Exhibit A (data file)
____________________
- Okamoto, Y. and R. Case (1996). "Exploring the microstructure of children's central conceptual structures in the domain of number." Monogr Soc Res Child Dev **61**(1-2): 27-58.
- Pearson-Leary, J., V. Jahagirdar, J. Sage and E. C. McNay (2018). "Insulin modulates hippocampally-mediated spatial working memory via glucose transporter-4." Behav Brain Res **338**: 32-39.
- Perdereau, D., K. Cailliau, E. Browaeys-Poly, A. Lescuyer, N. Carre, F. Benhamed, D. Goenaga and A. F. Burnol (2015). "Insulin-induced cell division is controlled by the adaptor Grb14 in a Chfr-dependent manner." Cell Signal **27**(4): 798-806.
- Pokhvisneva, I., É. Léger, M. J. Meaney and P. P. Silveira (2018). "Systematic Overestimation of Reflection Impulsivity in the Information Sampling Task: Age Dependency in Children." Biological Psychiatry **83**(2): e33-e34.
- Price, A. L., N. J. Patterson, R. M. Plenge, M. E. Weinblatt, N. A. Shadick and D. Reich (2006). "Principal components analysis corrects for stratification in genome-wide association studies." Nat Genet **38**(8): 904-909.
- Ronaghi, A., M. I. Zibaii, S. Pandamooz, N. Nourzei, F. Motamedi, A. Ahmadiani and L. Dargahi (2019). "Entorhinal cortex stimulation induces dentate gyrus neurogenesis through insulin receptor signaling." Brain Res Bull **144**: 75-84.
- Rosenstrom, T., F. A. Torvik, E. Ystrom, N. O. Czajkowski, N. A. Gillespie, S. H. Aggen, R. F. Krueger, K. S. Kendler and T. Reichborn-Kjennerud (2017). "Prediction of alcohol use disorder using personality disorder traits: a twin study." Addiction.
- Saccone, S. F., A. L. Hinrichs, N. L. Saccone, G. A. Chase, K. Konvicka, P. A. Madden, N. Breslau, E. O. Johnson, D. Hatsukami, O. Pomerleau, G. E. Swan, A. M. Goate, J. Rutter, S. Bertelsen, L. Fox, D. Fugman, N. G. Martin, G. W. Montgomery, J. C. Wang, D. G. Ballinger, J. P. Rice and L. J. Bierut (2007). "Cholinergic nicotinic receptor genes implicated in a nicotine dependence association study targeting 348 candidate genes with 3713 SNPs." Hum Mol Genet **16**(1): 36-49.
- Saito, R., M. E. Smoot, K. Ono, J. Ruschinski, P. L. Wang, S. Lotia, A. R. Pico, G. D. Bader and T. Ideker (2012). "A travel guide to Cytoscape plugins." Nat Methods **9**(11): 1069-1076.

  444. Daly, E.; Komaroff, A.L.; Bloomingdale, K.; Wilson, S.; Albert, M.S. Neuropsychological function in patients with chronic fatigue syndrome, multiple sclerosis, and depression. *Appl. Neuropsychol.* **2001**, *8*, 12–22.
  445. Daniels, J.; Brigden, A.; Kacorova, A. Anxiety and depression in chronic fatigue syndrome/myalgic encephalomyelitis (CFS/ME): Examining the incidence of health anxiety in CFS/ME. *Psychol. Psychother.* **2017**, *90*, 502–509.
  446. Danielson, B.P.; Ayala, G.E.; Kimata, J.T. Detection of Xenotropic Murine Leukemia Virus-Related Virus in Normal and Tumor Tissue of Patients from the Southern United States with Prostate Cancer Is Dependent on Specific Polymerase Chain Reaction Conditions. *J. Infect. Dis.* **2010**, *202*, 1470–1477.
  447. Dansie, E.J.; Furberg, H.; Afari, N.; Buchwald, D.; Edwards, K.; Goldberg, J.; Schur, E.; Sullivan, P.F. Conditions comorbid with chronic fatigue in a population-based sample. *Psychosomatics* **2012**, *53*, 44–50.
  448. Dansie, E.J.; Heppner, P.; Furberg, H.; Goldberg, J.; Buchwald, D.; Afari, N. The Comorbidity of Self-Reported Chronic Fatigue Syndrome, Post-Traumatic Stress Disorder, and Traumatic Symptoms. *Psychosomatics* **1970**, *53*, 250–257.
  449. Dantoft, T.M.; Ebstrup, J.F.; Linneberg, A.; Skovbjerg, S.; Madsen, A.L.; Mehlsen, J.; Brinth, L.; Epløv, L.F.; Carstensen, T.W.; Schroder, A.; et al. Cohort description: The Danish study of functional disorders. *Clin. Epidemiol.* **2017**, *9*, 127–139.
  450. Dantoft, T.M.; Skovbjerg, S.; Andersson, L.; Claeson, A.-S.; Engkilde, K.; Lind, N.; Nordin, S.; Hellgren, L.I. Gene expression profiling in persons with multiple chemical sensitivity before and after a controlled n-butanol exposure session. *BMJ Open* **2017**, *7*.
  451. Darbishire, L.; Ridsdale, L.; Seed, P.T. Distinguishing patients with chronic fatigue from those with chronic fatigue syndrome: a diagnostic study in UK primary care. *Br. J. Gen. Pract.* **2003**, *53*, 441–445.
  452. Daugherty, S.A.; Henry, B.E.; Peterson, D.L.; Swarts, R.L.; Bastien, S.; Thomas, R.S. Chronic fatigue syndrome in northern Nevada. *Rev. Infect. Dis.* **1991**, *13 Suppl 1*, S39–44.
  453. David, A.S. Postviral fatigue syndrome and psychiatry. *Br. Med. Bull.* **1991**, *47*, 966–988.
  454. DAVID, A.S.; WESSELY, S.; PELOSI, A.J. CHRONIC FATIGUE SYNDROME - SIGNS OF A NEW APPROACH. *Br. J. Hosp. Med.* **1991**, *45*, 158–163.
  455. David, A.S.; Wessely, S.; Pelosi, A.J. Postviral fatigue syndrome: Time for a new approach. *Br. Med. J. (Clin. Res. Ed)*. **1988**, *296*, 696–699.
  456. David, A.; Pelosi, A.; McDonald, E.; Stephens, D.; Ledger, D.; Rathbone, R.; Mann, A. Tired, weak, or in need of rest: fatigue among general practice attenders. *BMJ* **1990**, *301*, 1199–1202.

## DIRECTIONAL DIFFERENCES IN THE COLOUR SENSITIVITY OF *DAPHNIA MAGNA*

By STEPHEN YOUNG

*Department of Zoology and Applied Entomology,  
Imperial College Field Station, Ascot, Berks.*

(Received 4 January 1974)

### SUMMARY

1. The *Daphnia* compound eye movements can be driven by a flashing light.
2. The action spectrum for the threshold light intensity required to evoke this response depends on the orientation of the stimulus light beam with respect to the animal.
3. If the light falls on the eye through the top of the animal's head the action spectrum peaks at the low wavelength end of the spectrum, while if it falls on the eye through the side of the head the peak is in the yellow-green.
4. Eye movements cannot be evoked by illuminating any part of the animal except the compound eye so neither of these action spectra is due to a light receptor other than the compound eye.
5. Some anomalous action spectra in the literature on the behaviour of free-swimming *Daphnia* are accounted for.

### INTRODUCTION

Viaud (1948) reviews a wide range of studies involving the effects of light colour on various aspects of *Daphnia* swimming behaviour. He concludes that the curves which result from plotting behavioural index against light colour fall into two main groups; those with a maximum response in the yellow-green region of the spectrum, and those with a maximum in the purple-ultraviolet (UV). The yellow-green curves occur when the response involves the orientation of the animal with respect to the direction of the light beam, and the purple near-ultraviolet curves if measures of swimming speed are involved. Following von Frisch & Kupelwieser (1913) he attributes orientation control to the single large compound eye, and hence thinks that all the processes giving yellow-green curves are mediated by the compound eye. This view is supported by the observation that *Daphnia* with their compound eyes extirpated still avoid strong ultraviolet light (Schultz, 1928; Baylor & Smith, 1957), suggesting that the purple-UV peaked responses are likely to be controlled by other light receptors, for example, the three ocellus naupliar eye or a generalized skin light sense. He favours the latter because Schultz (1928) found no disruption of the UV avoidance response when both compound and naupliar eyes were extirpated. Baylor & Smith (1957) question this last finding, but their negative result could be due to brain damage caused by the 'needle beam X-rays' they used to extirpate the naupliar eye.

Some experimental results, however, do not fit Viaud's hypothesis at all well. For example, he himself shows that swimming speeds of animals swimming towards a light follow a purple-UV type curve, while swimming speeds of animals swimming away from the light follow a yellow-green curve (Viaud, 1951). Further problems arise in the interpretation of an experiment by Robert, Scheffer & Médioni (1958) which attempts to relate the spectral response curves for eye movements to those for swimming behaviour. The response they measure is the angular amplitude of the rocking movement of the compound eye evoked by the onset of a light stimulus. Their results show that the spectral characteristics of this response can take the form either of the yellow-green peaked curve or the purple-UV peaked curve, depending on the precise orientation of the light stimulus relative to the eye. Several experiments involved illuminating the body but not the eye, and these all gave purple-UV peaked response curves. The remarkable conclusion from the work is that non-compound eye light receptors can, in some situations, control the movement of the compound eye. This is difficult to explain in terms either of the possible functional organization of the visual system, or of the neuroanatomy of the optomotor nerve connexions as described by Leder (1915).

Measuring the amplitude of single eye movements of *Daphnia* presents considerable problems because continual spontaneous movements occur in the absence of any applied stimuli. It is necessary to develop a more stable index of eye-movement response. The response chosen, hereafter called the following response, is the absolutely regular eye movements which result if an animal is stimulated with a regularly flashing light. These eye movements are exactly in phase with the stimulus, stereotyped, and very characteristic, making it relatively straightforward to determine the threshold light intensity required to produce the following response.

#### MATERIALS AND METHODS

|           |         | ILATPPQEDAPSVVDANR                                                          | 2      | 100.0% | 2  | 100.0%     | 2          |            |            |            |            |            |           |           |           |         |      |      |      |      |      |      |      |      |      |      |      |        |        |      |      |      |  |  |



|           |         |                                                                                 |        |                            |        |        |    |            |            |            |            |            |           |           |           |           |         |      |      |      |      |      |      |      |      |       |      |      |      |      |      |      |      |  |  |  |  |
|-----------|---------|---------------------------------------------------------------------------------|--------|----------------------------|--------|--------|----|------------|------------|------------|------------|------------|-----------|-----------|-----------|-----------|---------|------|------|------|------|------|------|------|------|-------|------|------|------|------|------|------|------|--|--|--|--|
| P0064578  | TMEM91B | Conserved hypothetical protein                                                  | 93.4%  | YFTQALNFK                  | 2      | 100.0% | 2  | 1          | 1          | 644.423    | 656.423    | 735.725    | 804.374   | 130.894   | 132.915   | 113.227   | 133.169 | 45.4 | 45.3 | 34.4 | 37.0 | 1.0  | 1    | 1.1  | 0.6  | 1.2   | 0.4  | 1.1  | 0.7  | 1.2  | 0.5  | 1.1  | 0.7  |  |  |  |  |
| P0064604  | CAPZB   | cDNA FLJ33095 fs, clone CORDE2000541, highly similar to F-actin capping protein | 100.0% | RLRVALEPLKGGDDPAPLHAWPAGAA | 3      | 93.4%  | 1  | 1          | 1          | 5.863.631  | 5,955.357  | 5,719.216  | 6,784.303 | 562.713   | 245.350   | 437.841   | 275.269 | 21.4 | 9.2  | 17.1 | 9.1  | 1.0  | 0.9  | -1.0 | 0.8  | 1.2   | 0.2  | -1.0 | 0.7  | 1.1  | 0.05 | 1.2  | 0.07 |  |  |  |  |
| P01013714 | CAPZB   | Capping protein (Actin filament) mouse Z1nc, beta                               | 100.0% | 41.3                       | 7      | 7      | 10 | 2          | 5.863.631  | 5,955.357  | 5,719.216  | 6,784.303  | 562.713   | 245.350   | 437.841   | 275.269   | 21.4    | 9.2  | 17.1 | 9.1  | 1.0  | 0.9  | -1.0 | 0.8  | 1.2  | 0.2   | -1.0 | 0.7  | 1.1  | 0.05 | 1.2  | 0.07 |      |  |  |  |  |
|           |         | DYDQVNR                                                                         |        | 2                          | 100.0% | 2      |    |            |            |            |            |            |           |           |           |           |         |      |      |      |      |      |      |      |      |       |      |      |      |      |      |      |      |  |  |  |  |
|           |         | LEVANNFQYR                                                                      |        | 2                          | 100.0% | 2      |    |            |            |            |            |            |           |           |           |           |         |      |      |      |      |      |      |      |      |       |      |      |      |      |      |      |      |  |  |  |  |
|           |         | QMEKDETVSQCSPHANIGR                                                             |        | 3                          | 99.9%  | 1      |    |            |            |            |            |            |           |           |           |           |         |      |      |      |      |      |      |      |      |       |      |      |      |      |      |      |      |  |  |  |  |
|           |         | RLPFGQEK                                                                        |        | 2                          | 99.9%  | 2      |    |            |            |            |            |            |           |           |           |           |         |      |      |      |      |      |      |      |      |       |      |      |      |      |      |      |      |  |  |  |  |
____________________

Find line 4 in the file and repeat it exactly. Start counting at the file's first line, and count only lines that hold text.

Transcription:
- Pokhvisneva, I., É. Léger, M. J. Meaney and P. P. Silveira (2018). "Systematic Overestimation of Reflection Impulsivity in the Information Sampling Task: Age Dependency in Children." Biological Psychiatry **83**(2): e33-e34.